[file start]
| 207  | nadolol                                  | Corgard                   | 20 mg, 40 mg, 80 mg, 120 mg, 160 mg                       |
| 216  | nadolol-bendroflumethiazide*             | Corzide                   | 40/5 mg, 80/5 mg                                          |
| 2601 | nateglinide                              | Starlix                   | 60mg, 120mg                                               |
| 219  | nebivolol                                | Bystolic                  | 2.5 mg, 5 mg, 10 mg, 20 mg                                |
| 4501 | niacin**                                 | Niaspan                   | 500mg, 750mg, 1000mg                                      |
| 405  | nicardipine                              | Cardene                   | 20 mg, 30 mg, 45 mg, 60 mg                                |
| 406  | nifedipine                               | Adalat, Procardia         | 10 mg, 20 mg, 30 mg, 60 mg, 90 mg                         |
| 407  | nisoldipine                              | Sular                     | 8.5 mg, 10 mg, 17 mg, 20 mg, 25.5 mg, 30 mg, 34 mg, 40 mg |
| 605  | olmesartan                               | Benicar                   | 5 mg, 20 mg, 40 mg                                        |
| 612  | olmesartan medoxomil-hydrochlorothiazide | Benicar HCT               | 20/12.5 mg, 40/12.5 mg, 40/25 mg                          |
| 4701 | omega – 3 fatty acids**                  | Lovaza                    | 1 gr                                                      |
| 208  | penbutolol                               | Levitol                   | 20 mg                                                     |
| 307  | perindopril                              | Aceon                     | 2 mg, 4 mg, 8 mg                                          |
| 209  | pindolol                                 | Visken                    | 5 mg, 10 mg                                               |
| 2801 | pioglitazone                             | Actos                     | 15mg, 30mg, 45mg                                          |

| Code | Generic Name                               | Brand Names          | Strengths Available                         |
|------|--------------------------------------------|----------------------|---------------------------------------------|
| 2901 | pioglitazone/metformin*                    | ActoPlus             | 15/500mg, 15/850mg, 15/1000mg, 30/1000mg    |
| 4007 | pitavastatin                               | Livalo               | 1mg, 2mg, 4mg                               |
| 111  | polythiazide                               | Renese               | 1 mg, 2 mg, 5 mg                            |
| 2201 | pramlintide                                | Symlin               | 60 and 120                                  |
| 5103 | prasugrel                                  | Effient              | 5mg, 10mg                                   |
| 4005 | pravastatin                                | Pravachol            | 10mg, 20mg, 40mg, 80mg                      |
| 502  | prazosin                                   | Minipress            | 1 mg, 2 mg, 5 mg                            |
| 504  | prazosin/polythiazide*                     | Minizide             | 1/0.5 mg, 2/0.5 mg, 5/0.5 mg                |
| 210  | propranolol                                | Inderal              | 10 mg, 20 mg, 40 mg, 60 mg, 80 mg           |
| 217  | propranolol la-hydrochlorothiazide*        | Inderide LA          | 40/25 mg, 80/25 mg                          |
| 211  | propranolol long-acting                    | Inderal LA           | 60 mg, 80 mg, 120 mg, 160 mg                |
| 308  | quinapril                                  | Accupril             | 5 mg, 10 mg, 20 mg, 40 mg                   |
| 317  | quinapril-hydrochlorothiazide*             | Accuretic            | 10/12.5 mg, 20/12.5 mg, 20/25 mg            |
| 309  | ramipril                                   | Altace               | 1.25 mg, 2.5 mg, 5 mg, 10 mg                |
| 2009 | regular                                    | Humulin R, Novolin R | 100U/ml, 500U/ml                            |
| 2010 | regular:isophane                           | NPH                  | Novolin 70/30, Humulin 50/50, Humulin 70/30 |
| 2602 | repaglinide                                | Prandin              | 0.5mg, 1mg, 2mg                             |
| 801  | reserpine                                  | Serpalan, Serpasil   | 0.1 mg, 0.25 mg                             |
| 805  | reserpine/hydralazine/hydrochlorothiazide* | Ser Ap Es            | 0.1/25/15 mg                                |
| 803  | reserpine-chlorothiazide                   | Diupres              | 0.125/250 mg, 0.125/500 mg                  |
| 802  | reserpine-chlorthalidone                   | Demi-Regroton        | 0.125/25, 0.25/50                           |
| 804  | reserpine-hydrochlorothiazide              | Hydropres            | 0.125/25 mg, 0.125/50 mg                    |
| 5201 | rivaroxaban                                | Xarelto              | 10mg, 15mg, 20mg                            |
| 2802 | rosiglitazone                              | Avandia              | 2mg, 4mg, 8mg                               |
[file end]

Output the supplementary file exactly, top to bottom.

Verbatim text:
| 207  | nadolol                                  | Corgard                   | 20 mg, 40 mg, 80 mg, 120 mg, 160 mg                       |
| 216  | nadolol-bendroflumethiazide*             | Corzide                   | 40/5 mg, 80/5 mg                                          |
| 2601 | nateglinide                              | Starlix                   | 60mg, 120mg                                               |
| 219  | nebivolol                                | Bystolic                  | 2.5 mg, 5 mg, 10 mg, 20 mg                                |
| 4501 | niacin**                                 | Niaspan                   | 500mg, 750mg, 1000mg                                      |
| 405  | nicardipine                              | Cardene                   | 20 mg, 30 mg, 45 mg, 60 mg                                |
| 406  | nifedipine                               | Adalat, Procardia         | 10 mg, 20 mg, 30 mg, 60 mg, 90 mg                         |
| 407  | nisoldipine                              | Sular                     | 8.5 mg, 10 mg, 17 mg, 20 mg, 25.5 mg, 30 mg, 34 mg, 40 mg |
| 605  | olmesartan                               | Benicar                   | 5 mg, 20 mg, 40 mg                                        |
| 612  | olmesartan medoxomil-hydrochlorothiazide | Benicar HCT               | 20/12.5 mg, 40/12.5 mg, 40/25 mg                          |
| 4701 | omega – 3 fatty acids**                  | Lovaza                    | 1 gr                                                      |
| 208  | penbutolol                               | Levitol                   | 20 mg                                                     |
| 307  | perindopril                              | Aceon                     | 2 mg, 4 mg, 8 mg                                          |
| 209  | pindolol                                 | Visken                    | 5 mg, 10 mg                                               |
| 2801 | pioglitazone                             | Actos                     | 15mg, 30mg, 45mg                                          |

| Code | Generic Name                               | Brand Names          | Strengths Available                         |
|------|--------------------------------------------|----------------------|---------------------------------------------|
| 2901 | pioglitazone/metformin*                    | ActoPlus             | 15/500mg, 15/850mg, 15/1000mg, 30/1000mg    |
| 4007 | pitavastatin                               | Livalo               | 1mg, 2mg, 4mg                               |
| 111  | polythiazide                               | Renese               | 1 mg, 2 mg, 5 mg                            |
| 2201 | pramlintide                                | Symlin               | 60 and 120                                  |
| 5103 | prasugrel                                  | Effient              | 5mg, 10mg                                   |
| 4005 | pravastatin                                | Pravachol            | 10mg, 20mg, 40mg, 80mg                      |
| 502  | prazosin                                   | Minipress            | 1 mg, 2 mg, 5 mg                            |
| 504  | prazosin/polythiazide*                     | Minizide             | 1/0.5 mg, 2/0.5 mg, 5/0.5 mg                |
| 210  | propranolol                                | Inderal              | 10 mg, 20 mg, 40 mg, 60 mg, 80 mg           |
| 217  | propranolol la-hydrochlorothiazide*        | Inderide LA          | 40/25 mg, 80/25 mg                          |
| 211  | propranolol long-acting                    | Inderal LA           | 60 mg, 80 mg, 120 mg, 160 mg                |
| 308  | quinapril                                  | Accupril             | 5 mg, 10 mg, 20 mg, 40 mg                   |
| 317  | quinapril-hydrochlorothiazide*             | Accuretic            | 10/12.5 mg, 20/12.5 mg, 20/25 mg            |
| 309  | ramipril                                   | Altace               | 1.25 mg, 2.5 mg, 5 mg, 10 mg                |
| 2009 | regular                                    | Humulin R, Novolin R | 100U/ml, 500U/ml                            |
| 2010 | regular:isophane                           | NPH                  | Novolin 70/30, Humulin 50/50, Humulin 70/30 |
| 2602 | repaglinide                                | Prandin              | 0.5mg, 1mg, 2mg                             |
| 801  | reserpine                                  | Serpalan, Serpasil   | 0.1 mg, 0.25 mg                             |
| 805  | reserpine/hydralazine/hydrochlorothiazide* | Ser Ap Es            | 0.1/25/15 mg                                |
| 803  | reserpine-chlorothiazide                   | Diupres              | 0.125/250 mg, 0.125/500 mg                  |
| 802  | reserpine-chlorthalidone                   | Demi-Regroton        | 0.125/25, 0.25/50                           |
| 804  | reserpine-hydrochlorothiazide              | Hydropres            | 0.125/25 mg, 0.125/50 mg                    |
| 5201 | rivaroxaban                                | Xarelto              | 10mg, 15mg, 20mg                            |
| 2802 | rosiglitazone                              | Avandia              | 2mg, 4mg, 8mg                               |